I won't share all the boring details behind our car and financing sagas, but I/we did some of what is frowned upon and have managed to be in a great place despite it. I rolled one car loan into another, twice, because my first 2 used cars broke down frequently and didn't last the duration of the car loans. I bought my 3rd car new and it lasted over 11 years. We took out a 401k loan to buy a used minivan to accommodate our growing family, so we could rebuild our taxable savings after we paid cash for our newly built home.

We paid cash for a few new cars, until I read that you should compare what your investments are yielding vs. the loan interest rate. So we financed our last 2 new cars because most of our investments yield more than we're paying in interest. When that isn't the case anymore, the loans will be paid off immediately. Or if anyone can point out a flaw with that logic. ;D

ExFlyBoy5 10-03-2019 12:25 PM

Quote:

Originally Posted by pb4uski (Post 2305341)
Are they really writing loans in excess of the value of the collateral?

Yes, and have been doing it for YEARS.

As far as haggling, I found that buying my last car through Carmax was about as painless as it can be. The price is the price, no haggling. I found what I wanted and it was shipped to the store. They happened to damage it (and didn't tell me until I showed up) but gave me $1500 off another model that was in the lot. It took me about 45 minutes to drive, sign the paperwork and then leave in the new car. I didn't finance it, but had I been able to get 0% for XXX years, I would have probably taken it.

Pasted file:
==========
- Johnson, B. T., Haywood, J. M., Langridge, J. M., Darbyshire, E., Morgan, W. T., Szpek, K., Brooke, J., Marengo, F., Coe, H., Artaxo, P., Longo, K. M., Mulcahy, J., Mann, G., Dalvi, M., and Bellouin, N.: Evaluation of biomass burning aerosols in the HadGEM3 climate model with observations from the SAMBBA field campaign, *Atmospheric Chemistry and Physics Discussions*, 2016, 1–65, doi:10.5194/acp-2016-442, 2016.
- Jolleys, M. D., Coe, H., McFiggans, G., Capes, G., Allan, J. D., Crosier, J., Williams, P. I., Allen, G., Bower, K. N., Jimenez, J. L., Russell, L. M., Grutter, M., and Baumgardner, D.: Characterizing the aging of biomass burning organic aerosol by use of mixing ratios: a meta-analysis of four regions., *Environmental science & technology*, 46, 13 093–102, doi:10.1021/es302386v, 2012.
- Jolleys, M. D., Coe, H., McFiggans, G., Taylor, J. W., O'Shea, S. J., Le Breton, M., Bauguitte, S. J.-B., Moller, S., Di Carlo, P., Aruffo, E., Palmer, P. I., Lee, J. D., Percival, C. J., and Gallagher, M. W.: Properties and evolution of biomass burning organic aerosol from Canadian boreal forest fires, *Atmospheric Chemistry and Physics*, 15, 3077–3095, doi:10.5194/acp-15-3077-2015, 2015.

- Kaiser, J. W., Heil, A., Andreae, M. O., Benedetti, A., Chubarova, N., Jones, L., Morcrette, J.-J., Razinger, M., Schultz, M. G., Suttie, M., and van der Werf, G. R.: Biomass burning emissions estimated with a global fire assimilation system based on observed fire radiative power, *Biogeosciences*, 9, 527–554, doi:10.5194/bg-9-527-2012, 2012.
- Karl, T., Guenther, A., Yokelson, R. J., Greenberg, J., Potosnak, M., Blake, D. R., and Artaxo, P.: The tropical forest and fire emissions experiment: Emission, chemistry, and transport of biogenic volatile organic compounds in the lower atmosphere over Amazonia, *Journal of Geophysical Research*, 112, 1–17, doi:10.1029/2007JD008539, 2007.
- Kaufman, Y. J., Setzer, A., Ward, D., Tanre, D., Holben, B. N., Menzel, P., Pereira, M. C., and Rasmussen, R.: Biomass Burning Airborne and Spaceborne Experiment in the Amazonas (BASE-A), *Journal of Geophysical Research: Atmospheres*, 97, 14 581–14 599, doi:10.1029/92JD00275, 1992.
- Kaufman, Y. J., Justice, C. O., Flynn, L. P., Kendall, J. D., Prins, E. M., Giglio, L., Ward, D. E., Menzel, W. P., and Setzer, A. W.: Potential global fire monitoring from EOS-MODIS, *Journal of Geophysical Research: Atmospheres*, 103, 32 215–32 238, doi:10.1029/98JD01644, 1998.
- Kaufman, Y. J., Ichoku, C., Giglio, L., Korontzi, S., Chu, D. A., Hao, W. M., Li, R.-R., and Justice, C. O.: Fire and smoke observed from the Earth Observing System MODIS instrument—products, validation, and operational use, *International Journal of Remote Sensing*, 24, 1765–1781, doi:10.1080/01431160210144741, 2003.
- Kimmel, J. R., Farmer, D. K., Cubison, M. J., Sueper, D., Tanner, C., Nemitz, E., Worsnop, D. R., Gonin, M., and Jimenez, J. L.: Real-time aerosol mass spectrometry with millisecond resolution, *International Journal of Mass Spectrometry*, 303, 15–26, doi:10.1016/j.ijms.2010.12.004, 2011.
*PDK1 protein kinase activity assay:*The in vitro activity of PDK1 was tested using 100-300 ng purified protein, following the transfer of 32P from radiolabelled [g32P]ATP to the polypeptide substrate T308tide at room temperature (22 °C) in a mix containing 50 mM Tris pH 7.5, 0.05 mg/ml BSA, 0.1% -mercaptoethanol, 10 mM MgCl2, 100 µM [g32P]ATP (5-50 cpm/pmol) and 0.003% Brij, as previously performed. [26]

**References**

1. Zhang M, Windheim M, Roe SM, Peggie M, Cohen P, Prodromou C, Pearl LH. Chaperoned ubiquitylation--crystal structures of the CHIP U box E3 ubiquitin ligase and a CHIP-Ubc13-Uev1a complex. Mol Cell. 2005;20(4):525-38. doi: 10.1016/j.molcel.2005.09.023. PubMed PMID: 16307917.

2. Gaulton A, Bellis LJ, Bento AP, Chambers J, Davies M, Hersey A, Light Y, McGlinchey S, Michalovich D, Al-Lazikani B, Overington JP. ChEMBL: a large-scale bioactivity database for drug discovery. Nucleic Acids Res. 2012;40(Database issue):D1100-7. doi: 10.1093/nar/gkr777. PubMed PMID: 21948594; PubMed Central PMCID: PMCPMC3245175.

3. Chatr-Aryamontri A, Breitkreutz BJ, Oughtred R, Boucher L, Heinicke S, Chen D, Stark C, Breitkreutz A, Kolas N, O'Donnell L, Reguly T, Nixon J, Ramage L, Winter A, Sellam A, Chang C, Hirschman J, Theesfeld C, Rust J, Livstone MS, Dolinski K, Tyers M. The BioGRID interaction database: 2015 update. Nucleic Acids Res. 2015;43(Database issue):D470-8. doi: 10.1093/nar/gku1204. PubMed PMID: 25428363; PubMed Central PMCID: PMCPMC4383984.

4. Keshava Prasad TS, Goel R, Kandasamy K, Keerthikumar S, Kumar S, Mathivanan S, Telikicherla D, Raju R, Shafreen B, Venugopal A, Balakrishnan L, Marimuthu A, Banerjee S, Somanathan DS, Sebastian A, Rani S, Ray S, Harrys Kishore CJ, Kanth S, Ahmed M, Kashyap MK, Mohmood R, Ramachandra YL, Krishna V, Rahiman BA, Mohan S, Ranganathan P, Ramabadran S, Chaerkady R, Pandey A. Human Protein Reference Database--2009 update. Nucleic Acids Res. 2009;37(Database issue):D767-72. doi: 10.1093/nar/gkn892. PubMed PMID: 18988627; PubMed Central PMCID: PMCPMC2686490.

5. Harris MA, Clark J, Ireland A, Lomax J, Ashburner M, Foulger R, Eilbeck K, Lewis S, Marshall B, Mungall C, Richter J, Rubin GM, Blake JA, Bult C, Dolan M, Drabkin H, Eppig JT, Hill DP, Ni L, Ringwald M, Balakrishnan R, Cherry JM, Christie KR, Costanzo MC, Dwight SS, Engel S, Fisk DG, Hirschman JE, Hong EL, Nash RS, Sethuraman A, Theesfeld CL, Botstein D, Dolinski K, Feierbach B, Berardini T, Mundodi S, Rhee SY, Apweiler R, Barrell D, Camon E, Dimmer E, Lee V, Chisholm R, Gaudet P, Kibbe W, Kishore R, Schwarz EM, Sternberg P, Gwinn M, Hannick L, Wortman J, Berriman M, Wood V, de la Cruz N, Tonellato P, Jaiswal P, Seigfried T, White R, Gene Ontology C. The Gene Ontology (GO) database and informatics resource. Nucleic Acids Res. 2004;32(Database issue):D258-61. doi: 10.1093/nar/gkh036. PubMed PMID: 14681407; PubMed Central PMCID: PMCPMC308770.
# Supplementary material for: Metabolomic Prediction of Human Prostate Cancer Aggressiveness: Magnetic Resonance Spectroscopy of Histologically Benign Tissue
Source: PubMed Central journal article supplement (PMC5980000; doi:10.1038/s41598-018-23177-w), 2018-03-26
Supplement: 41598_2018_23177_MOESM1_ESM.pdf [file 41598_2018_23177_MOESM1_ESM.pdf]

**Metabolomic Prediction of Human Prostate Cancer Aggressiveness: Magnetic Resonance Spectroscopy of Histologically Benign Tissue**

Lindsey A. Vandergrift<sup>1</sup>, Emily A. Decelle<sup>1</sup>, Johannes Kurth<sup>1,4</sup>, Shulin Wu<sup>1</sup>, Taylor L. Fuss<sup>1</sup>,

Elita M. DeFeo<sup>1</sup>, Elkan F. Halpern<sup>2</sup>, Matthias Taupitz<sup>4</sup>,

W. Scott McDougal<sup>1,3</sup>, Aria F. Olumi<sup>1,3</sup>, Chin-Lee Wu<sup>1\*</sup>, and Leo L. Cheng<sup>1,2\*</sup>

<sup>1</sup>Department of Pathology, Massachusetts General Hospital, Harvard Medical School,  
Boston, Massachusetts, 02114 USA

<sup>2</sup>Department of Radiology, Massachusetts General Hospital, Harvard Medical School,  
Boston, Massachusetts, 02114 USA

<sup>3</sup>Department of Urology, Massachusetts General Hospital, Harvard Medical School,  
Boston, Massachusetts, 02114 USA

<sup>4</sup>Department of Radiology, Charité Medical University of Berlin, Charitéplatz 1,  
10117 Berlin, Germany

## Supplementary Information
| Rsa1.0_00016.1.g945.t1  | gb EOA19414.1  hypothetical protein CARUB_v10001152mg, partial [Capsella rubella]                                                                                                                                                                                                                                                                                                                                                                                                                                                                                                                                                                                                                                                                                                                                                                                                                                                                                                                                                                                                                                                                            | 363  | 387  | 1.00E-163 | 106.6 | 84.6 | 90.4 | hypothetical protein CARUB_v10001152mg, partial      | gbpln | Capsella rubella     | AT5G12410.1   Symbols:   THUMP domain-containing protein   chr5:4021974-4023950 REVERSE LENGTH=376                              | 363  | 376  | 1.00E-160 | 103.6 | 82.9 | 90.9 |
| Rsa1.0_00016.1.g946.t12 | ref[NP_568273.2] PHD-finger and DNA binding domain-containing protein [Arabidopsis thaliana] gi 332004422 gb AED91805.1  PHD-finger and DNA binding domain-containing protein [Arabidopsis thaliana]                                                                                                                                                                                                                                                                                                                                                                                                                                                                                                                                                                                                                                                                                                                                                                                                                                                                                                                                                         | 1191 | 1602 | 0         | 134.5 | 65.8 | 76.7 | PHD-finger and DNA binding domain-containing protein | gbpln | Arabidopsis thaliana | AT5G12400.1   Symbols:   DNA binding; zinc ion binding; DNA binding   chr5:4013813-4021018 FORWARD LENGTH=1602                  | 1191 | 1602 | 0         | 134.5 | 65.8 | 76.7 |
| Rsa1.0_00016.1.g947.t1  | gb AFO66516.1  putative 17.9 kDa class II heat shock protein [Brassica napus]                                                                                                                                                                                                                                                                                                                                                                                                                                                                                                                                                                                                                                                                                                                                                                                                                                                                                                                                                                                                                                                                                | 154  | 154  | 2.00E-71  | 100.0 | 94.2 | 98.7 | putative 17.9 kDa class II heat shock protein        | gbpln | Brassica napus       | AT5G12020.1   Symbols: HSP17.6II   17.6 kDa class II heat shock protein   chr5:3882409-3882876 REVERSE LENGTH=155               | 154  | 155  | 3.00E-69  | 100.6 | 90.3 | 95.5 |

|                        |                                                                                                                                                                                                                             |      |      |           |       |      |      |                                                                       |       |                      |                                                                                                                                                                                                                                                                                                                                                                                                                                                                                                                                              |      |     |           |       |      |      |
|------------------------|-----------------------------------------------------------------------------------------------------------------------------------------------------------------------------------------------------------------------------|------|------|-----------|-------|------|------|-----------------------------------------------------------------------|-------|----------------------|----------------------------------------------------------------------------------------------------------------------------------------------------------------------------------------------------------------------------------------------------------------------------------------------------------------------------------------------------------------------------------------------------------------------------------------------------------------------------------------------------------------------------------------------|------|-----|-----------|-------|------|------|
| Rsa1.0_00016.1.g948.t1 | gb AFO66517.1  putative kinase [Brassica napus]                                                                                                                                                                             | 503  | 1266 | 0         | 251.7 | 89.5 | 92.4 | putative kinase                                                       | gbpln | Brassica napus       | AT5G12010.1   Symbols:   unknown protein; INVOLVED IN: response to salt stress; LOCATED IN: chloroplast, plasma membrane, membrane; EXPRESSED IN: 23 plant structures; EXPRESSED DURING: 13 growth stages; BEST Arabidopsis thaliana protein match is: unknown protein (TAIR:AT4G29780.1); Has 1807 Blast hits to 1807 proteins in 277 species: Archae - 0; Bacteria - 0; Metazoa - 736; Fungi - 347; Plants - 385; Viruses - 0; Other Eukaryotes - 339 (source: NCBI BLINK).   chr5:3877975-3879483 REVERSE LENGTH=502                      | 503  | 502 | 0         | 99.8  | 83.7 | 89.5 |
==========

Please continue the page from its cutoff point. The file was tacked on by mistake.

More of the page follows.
HadEnuff 10-03-2019 12:29 PM

I've been buying cars for 45 years, and for at least that long car dealers and their salespeople have been trying to sell cars based upon "what is your budget for a monthly payment?"
I currently drive a 4 year old Highlander, I bought new, and paid cash for. (I guess I live in the rich man's ghetto.) For about a year I have been getting regular emails from the dealer, urging me to take advantage of a really great opportunity to trade it in, and get into a new one, and they'll arrange t make sure my monthly payments are less than what I pay now.
From the sales pitch it's obvious that they assume I took out a longterm loan.
So far I have resisted the urge to buy a new car.

The Cosmic Avenger 10-03-2019 01:00 PM

Quote:

Originally Posted by gwraigty (Post 2305657)
I won't share all the boring details behind our car and financing sagas, but I/we did some of what is frowned upon and have managed to be in a great place despite it. I rolled one car loan into another, twice, because my first 2 used cars broke down frequently and didn't last the duration of the car loans. I bought my 3rd car new and it lasted over 11 years. We took out a 401k loan to buy a used minivan to accommodate our growing family, so we could rebuild our taxable savings after we paid cash for our newly built home.

We paid cash for a few new cars, until I read that you should compare what your investments are yielding vs. the loan interest rate. So we financed our last 2 new cars because most of our investments yield more than we're paying in interest. When that isn't the case anymore, the loans will be paid off immediately. Or if anyone can point out a flaw with that logic. ;D